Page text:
Correction of disease-causing mutations in human embryos holds the potential to reduce the burden of inherited genetic disorders and improve fertility treatments for couples with disease-causing mutations in lieu of embryo selection. Here, we evaluate repair outcomes of a Cas9-induced double-strand break (DSB) introduced on the paternal chromosome at the EYS locus, which carries a frameshift mutation causing blindness. We show that the most common repair outcome is microhomology-mediated end joining, which occurs during the first cell cycle in the zygote, leading to embryos with non-mosaic restoration of the reading frame. Notably, about half of the breaks remain unrepaired, resulting in an undetectable paternal allele and, after mitosis, loss of one or both chromosomal arms. Correspondingly, Cas9 off-target cleavage results in chromosomal losses and hemizygous indels because of cleavage of both alleles. These results demonstrate the ability to manipulate chromosome content and reveal significant challenges for mutation correction in human embryos.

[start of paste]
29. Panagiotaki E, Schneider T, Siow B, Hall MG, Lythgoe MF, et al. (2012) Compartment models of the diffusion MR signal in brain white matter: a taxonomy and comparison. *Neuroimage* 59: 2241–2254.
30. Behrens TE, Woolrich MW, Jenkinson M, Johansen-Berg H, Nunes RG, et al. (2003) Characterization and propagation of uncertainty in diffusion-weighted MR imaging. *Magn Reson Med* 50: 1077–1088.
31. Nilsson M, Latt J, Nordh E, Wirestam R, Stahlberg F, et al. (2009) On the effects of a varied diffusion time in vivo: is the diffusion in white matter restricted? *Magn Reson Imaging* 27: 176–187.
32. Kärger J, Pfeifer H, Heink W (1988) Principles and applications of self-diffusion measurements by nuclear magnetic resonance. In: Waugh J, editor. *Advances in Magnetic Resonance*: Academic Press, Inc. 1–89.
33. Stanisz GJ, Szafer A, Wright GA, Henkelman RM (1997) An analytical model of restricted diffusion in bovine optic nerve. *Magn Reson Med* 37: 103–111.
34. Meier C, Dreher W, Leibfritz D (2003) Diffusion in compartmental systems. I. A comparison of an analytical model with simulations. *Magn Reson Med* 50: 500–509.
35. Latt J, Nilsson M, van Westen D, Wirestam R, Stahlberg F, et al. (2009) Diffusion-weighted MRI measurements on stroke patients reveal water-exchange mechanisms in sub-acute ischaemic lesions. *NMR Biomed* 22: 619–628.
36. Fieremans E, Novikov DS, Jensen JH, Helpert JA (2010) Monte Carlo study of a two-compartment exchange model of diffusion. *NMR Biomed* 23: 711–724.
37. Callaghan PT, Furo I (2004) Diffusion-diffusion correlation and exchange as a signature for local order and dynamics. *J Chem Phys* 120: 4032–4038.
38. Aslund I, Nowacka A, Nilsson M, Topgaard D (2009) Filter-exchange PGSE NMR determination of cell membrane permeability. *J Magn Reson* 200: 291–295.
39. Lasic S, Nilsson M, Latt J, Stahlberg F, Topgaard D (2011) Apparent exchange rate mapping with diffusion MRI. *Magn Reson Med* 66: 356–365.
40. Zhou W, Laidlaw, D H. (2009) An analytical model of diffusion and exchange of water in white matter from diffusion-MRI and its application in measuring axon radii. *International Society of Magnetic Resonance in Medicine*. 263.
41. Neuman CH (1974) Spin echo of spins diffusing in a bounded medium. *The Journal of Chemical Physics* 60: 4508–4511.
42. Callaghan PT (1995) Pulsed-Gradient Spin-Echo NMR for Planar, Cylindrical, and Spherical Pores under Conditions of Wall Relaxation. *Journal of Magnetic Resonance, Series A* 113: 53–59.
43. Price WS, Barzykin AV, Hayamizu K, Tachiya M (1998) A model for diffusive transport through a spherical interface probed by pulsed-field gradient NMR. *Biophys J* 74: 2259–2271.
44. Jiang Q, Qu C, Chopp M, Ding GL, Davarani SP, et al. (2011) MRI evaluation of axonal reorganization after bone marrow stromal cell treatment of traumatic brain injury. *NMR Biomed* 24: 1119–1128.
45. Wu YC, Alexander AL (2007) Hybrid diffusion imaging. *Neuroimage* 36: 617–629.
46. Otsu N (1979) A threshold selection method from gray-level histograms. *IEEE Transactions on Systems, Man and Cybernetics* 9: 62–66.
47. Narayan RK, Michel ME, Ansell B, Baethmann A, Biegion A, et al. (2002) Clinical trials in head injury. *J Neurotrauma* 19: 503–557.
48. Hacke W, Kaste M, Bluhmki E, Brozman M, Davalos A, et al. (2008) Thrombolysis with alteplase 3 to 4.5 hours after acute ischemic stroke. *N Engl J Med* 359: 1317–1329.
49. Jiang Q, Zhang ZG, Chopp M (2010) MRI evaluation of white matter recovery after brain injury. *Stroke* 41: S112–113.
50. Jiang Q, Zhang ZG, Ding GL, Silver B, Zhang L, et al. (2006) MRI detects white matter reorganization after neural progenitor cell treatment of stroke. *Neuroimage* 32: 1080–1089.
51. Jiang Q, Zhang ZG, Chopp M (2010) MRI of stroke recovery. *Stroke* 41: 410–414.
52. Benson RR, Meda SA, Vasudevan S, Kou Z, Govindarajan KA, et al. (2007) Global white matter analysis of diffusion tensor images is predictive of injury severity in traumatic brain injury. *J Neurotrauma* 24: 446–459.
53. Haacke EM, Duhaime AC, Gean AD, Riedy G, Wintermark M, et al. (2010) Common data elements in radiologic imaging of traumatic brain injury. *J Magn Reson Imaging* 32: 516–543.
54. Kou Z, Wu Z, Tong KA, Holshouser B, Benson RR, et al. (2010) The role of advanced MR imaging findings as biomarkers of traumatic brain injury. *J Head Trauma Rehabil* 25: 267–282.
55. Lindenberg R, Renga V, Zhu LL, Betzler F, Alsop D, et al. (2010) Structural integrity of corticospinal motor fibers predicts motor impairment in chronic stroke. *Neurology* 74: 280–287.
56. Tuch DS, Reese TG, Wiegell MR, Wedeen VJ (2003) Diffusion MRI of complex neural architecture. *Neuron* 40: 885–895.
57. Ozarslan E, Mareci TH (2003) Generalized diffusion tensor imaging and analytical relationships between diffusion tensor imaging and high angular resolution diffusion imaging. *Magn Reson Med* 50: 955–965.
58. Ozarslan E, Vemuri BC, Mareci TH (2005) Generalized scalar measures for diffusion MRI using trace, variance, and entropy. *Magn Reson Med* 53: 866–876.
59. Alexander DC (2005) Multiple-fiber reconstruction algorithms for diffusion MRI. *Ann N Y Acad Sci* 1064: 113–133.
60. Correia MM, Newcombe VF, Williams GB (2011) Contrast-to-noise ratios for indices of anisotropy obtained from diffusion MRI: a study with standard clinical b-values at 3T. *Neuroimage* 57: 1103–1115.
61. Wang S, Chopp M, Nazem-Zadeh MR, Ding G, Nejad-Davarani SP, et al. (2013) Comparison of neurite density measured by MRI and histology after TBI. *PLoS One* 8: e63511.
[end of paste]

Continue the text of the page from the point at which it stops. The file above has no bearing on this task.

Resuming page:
My Genomic Prediction colleagues Jia Xu, Diego Marin, and Nathan Treff are co-authors of the paper. GP's precision embryo genotyping capabilities were necessary to determine that a paternal chromosome is sometimes deleted in the embryo due to CRISPR. In GP's standard embryo testing process both parents are genotyped as well as the embryo. The parental genotypes are used to error correct the embryo genotype: DNA amplification starting from just a few biopsied cells introduces noise, but it can be removed. GP can determine whether specific alleles from a parent are present in the embryo. Detection of the deletion of an entire chunk of chromosome would be fairly straightforward.